The mass killing that occurred in Sandy Hook Elementary school in December of 2012 ignited the debate over guns once again. Sadly, the event followed what is becoming a script: a mentally disturbed person seeks out a concentration of unarmed targets and commits murder until stopped. The American media then focuses the spotlight on the issues raised by the event and the pundits and commentators appear to say the usual things about guns, laws, and the mentally ill. As usual, the rote blaming of video games and movies also occurs.
Being a sane and ethical person, I was saddened by the terrible murders. I would certainly prefer that such an event never occur, which is true of most people. As might be imagined, there are many suggestions regarding what should be done to reduce the chances of such murders occurring again. One area of focus is, not surprisingly, on the weapons.
Folks in the media tend to focus obsessively on the weapons used in such terrible crimes and, somewhat ironically given this obsession, often display their ignorance of such weapons. The murderer at Sandy Hook had two semi-automatic pistols (a Glock 10mm and a Sig Sauer 9mm) and a Bushmaster .223 assault rifle (essentially a civilian version of the M-16 assault rifle). Watching the media coverage, I noticed considerable focus on the fact that these weapons are semi-automatic and the way the matter was discussed seemed to be aimed at creating the impression that this was somehow unusual or new. However, semi-automatic weapons date back over a century and they are rather common. For those who are ignorant of weapons, a semi-automatic weapon is (crudely put) such that once manually cocked it will fire a round with each pull of the trigger with the weapon automatically chambering a new round and cocking after each shot (until the rounds are exhausted). This is in contrast with weapons that require manual reloading and cocking. For example, the classic Winchester lever action rifle (the one seen in cowboy movies) requires that the user work a lever to eject the empty shell casing, load a new round and “cock” the gun. Fully automatic weapons, such as a machine gun, will fire until the trigger is released or the ammunition is expended (or a jam occurs).
The main concern expressed regarding semi-automatic weapons is that they have a higher rate of fire relative to weapons such as revolvers, lever action rifles, pump shotguns and other such weapons. As such, a person armed with a semi-automatic weapon can potentially kill people faster than a comparably skilled person who is armed with a slower weapon. It is also commonly asserted that there is no legitimate use for such weapons and this is often expressed in terms of their not being suitable for hunting. From these claims it is often argued that such weapons should be banned to increase safety. The rather obvious concern is whether or not such a ban would have an impact on such incidents.
One obvious concern is that semi-automatic weapons are only marginally faster than many other weapons, such as revolvers and pump shotguns. As such, even if a potential killer did not have access to semi-automatic weapons, such a person could still kill many people. However, it could be argued that the possibility of slight to moderate reduction in carnage would justify a ban on such weapons. There is, however, the rather obvious fact that someone who is willing to murder other people is probably not going to decide to call off his planned (or unplanned) slaughter because he does not have semi-automatic weapons.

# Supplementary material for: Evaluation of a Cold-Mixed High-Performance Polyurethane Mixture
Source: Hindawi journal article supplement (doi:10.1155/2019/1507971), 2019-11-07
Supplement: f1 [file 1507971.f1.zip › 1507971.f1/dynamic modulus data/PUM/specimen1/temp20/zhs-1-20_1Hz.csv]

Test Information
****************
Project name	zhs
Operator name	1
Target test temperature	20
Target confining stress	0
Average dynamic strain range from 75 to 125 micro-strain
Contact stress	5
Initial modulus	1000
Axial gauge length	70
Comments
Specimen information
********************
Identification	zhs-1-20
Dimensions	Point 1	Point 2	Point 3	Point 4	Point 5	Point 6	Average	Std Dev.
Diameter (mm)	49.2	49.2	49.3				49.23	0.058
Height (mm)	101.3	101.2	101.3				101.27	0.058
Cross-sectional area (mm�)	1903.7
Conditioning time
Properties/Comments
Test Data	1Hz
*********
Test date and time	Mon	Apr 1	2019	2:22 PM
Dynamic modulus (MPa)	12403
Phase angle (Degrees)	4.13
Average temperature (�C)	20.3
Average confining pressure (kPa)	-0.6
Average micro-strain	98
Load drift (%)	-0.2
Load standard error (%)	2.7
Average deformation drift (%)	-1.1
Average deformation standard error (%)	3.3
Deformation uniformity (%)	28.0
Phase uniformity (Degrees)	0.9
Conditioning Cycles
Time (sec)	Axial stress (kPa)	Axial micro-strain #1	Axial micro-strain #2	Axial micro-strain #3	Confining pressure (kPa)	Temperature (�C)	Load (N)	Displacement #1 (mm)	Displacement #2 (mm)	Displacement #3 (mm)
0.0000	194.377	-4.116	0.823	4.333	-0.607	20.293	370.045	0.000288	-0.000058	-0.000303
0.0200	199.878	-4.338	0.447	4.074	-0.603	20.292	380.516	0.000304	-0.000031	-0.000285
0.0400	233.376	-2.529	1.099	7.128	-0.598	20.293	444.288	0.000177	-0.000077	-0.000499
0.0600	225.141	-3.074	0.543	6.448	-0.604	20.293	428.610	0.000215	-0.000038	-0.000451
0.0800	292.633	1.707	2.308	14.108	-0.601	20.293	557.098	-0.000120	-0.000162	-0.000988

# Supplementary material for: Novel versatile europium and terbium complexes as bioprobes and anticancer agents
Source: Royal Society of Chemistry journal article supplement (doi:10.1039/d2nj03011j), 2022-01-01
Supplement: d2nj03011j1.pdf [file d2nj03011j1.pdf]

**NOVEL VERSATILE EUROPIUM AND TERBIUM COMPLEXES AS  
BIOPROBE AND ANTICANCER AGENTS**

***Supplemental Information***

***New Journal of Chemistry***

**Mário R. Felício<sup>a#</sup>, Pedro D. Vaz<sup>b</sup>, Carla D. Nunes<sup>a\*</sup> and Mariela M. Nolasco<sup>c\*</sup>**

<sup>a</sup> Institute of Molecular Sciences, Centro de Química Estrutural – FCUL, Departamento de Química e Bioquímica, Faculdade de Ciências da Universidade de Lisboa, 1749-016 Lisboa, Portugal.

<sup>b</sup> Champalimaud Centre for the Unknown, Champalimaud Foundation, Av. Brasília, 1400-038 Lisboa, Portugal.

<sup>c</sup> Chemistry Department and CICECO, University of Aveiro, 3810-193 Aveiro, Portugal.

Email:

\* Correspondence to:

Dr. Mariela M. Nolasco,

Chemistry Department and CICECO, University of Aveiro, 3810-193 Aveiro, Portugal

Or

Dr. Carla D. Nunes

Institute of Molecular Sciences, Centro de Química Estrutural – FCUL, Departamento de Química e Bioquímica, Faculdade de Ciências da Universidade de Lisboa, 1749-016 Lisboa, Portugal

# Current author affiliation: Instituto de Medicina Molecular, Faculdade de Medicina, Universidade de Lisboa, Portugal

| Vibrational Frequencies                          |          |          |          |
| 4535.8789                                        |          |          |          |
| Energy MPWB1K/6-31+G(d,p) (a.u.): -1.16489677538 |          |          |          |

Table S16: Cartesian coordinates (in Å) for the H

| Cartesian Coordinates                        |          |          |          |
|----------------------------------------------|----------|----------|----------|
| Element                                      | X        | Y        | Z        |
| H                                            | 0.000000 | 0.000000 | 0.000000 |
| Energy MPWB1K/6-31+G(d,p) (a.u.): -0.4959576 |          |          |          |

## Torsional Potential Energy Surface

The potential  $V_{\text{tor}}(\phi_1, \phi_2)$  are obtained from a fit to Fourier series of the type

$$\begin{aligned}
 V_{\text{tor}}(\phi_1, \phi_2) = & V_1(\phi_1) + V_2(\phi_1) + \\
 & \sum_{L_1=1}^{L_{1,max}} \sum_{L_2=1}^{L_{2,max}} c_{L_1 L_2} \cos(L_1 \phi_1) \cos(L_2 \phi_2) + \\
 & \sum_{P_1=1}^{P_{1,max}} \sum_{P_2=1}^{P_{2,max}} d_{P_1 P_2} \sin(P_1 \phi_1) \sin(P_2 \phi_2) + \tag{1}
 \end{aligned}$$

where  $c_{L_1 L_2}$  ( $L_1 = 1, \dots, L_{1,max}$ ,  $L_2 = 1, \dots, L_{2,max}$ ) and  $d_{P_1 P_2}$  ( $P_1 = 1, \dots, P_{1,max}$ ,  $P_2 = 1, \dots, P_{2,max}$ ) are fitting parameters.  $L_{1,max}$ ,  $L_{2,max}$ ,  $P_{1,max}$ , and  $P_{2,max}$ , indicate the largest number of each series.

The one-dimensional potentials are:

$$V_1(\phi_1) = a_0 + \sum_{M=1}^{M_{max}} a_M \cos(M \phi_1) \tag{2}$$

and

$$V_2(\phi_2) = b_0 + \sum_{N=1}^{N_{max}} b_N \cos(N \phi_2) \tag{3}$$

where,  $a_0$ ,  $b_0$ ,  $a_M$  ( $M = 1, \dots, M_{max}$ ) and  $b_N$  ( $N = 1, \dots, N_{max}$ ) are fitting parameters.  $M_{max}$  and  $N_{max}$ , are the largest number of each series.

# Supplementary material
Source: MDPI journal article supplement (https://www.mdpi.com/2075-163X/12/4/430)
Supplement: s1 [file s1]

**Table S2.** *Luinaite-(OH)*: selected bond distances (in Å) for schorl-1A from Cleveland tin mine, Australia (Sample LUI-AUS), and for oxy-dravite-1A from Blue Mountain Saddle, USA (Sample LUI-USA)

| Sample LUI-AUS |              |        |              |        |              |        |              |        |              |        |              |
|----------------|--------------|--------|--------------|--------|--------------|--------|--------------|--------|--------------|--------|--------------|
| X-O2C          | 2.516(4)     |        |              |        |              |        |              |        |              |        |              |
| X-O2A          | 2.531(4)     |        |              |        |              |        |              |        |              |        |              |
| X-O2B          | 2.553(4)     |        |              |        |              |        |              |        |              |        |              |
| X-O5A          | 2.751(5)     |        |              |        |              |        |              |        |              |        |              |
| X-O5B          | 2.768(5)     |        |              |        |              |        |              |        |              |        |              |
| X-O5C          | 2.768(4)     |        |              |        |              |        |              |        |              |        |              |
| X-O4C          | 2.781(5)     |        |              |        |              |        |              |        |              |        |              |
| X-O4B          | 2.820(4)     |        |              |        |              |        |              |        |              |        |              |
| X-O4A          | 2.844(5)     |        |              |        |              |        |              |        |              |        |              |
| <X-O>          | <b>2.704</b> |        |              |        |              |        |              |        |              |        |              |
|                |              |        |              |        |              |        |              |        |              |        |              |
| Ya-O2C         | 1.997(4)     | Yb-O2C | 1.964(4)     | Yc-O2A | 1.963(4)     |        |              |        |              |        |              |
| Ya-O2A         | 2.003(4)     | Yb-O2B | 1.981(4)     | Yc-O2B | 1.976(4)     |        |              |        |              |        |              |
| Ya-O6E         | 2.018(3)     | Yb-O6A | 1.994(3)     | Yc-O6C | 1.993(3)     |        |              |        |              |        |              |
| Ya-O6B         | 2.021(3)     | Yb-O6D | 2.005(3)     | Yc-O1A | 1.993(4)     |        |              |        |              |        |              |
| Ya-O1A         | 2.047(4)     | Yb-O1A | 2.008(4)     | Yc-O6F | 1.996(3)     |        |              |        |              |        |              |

Of course, it is not just the semi-automatic aspect of such weapons that gets attention. There is also the concern that they often have high capacity magazines. A typical 9mm pistol magazine holds 15 rounds, although extended magazines can be purchased. More powerful handguns, such as the .45, typically hold fewer rounds. Military style rifles typically hold 20-30 rounds, although very high capacity drum clips (so named because they look like drums) are also available.
The concern with high capacity magazines is that the user of the weapon can fire more without reloading, thus increasing his ability to sustain fire. Reloading, obviously, takes time away from shooting and a person who is reloading is effectively unarmed and thus more vulnerable to being taken out by an intended target. As such, high capacity magazines make mass killings easier and thus presumably more likely to occur.
As with the semi-automatic feature of guns, it is often claimed that there is no legitimate reason for civilian weapons to have high capacity magazines. After all, as is often pointed out, hunters are typically restricted in the number of rounds they are allowed to have in their guns and this is usually a low number, such as three.
Combining these claims, one can argue that high capacity magazines should be banned—as was done in the 1990s.
One rather obvious concern is that even if a potential killer had access only to low capacity weapons, he could work around this limitation in two ways. One way is to simply carry more weapons and switch them as their magazines are exhausted. Another way is to practice reloading. Swapping clips can be done very rapidly and even revolvers have speed loaders that can fill the entire cylinder in about the time it would otherwise take to put a single round in the weapon. While lack of access to high capacity clips would have some impact on the rate at which a person can kill, the impact would not seem to be considerable. There is also the obvious fact that a lack of high capacity magazines certainly would not deter a would be mass murderer from engaging in murder.
Much of the media coverage of the terrible murders in Connecticut has described the .223 Bushmaster as a high powered weapon. While the .223 round is more powerful than most pistol rounds, it is actually not a high powered round compared to the rounds used in actual high powered hunting rifles, sniper rifles and battle rifles. After all, many hunting rifles are designed to kill large animals such as deer and bear with single shots. Naturally, a .223 round can kill a person—but to characterize it as a high powered round seems to be either a mark of ignorance or an attempt to make the weapon seem more frightening.